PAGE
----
Nov 2, 2016, 11:23 AM
Held at Baobab Resort Hotel in Kololi, the workshop was organised by West Africa Community Development Training Centre and funded by the UNDP/GEF SGP.
Speaking at the national forum, Salmina Jobesaid the objectives of the training included engaging CSOs/CBOs /NGOs in consultative processes, applying knowledge management to ensure adequate information flows, implementing Convention guidelines on roles of CSOs to complement government action, and monitoring and evaluating environmental impacts and trends on especially community projects at local level and broadly at the national level, in collaboration with national NGOs, academic institutions and government.
Participants are putting knowledge gained from learning into action either in the form of good proposals submitted to SGP or being actively involved in the consultative processes and other works of national environment convention committees and other environment and sustainable development bodies.
Jobe said: “Knowledge gained is transformed into good project proposals or effective action to support the implementation of environmental convention guidelines as well as other environment and sustainable development agreements, strategies, and plans.”
Network of supporters on technical and/or institutional matters was established and a network of participants for continued sharing of experience and lessons learned initiated, he said
This would be followed by workshop evaluation conducted with post-workshop mechanism to evaluate progress or development, as well as post-workshop mechanisms to provide follow-up support and corrective action put in place.
In a PowerPoint presentation, Kebba Bojang, UNDP-GEF/ Small Grants Programme, said the
GEF/SGP supported the WACDTC to conduct a capacity gaps assessment of NGOs and CBOs to specifically identify their training needs.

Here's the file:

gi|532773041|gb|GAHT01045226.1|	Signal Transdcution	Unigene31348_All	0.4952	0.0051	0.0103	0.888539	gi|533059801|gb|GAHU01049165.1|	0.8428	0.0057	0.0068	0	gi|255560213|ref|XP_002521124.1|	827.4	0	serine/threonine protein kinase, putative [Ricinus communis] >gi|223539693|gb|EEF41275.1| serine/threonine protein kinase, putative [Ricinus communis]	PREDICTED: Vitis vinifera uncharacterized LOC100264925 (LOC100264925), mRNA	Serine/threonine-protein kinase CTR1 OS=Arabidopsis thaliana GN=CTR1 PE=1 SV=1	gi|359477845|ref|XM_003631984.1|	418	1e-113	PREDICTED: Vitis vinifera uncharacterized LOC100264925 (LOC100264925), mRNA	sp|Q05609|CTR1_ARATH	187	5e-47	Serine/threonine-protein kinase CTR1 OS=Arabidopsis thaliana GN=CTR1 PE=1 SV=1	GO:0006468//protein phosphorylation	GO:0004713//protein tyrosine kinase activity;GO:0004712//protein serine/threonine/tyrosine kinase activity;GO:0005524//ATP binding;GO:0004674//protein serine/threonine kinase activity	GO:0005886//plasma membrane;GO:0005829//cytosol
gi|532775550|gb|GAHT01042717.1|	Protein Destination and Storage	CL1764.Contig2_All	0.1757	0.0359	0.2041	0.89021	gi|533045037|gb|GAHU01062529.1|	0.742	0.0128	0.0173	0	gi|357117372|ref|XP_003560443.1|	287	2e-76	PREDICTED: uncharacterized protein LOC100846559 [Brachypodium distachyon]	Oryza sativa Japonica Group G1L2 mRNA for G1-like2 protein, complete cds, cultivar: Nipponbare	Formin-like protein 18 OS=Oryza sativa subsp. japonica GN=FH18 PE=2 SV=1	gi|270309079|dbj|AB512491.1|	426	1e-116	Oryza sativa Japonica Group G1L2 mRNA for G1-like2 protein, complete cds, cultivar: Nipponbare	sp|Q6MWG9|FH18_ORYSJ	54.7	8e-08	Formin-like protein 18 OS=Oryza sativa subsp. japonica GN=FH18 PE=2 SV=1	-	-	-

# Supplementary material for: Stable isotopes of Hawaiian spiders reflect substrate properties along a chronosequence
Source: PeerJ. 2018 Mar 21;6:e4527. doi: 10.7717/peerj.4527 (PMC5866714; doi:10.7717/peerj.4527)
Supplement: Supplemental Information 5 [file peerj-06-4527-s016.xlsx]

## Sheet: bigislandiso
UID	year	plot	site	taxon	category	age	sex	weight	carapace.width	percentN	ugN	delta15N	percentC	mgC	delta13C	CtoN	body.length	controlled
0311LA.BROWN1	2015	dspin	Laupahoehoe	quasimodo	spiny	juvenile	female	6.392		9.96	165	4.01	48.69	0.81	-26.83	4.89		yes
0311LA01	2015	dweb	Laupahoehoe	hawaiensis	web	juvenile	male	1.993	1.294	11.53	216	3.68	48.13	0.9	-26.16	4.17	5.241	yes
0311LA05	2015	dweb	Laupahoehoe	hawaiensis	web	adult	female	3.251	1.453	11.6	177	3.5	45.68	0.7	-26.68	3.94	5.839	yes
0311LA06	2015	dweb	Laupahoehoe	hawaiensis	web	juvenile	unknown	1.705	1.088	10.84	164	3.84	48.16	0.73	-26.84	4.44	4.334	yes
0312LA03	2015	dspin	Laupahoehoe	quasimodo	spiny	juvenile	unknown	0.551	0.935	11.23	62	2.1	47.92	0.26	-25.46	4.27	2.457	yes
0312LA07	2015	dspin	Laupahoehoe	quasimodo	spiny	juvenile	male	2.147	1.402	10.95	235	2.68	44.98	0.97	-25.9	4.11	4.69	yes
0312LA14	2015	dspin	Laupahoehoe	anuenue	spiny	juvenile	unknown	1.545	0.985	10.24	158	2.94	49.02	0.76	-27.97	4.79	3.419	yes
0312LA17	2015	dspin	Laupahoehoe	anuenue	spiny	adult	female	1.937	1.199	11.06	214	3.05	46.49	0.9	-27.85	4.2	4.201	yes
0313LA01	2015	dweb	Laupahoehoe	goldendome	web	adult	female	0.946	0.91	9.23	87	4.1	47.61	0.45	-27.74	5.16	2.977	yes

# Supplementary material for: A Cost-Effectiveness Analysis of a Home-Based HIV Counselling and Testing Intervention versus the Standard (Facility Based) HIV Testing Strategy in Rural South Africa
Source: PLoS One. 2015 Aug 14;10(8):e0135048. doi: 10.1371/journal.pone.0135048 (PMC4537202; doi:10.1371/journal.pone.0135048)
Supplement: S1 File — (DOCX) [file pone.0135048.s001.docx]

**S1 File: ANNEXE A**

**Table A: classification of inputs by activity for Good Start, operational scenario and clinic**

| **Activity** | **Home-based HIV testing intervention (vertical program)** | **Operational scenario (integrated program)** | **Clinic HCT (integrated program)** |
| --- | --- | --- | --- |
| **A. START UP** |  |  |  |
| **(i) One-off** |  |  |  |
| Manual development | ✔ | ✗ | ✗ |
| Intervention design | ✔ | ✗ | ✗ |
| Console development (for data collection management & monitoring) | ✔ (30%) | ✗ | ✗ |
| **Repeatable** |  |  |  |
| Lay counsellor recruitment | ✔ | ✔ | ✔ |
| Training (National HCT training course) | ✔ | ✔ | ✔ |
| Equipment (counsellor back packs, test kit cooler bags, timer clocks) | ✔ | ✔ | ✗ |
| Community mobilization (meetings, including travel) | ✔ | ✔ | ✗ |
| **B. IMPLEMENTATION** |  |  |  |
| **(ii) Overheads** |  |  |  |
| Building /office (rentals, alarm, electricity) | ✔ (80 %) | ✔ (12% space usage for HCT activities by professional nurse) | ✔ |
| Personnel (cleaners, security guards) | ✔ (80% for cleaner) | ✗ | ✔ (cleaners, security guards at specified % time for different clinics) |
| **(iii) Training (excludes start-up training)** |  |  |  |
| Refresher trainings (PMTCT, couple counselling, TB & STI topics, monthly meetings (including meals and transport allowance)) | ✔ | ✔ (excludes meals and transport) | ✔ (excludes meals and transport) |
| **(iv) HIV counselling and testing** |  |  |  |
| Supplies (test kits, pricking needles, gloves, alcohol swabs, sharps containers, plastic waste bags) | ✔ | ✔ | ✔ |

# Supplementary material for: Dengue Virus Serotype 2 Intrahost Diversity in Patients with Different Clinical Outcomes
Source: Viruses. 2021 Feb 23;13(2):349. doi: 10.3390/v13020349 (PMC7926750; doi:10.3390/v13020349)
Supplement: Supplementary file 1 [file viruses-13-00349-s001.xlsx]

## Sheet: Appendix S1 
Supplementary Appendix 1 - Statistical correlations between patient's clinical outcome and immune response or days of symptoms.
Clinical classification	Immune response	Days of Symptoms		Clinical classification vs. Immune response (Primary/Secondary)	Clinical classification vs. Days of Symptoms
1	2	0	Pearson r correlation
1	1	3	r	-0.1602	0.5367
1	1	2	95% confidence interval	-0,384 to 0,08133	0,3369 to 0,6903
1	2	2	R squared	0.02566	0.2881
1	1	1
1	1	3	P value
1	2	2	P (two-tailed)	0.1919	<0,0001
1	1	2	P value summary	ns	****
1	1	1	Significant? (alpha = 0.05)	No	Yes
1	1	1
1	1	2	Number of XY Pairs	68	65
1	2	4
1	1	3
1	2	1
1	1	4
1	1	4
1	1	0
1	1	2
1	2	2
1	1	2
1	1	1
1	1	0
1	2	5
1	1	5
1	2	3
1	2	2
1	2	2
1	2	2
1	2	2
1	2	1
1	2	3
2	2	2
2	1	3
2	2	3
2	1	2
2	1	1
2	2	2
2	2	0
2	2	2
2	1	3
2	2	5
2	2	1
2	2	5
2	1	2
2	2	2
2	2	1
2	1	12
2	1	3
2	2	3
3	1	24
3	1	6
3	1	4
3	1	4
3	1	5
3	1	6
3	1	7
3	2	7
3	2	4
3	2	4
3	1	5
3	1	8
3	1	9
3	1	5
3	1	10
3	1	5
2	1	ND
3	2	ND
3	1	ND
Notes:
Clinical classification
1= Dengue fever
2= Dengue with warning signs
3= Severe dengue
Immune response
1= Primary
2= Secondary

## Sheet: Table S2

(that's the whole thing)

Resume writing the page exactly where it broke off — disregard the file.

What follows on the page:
Mr Bojang pointed out that food security is the largest intervention area with 54% of the overall regional total followed by forestry 13%; other areas combined 29% and land management 3%.
The mean total per region on food security is 11, forestry 3 and others 6. In land management only 2 regions are intervening in this area and renewable energy is one region.
Mr Bojang added that the major intervention areas for NGOs are on food security with 73% and others 27%.
On the levels of awareness of international conventions of Community Based Organizations (CBOs), Bojang pointed out that it has been relatively low in contrast to that of Non-Governmental Organizations (NGOs, with CBOs ranking 49.1% while NGOs are 83 %.)
“Any attempt to improve the level of awareness should include all regions. Upper River Region, West Coast Region and Central River Region South have greater proportions of CBOs than the other four regions. Therefore awareness building should be even more intensified in these regions,” he said.
Mr Bojang stated that in Lower River Region and North Bank Region 100% of the CBOs knew UN conventions on Desertification, adding that the proportion comprises the bulk of awareness in this regard.
On UN convention on desertification, both CBOs and NGOs registered 56% and 52% of the overall total respectively, which highlights constraints in the knowledge of other UN conventions, disclosed Mr Bojang.
He said: “CBOs are conducting activities on environmental protection. However individual regions such as KMC and URR which consist of the largest proportion of CBOs registered 47% each, which falls short of the NGOs in those regions.
“As a result, support should be rendered to all regions with particular attention directed to Kanifing Municipal Council and URR.”
According to him, the collaboration with other institutions is low at both CBOs and NGOs, 45.1% and 49.9% respectively.
However significant inter-regional variations exist as West Coast Region shows 71%, CRR north 71% and CRR south 70%, while other regions remain below 50%, he added.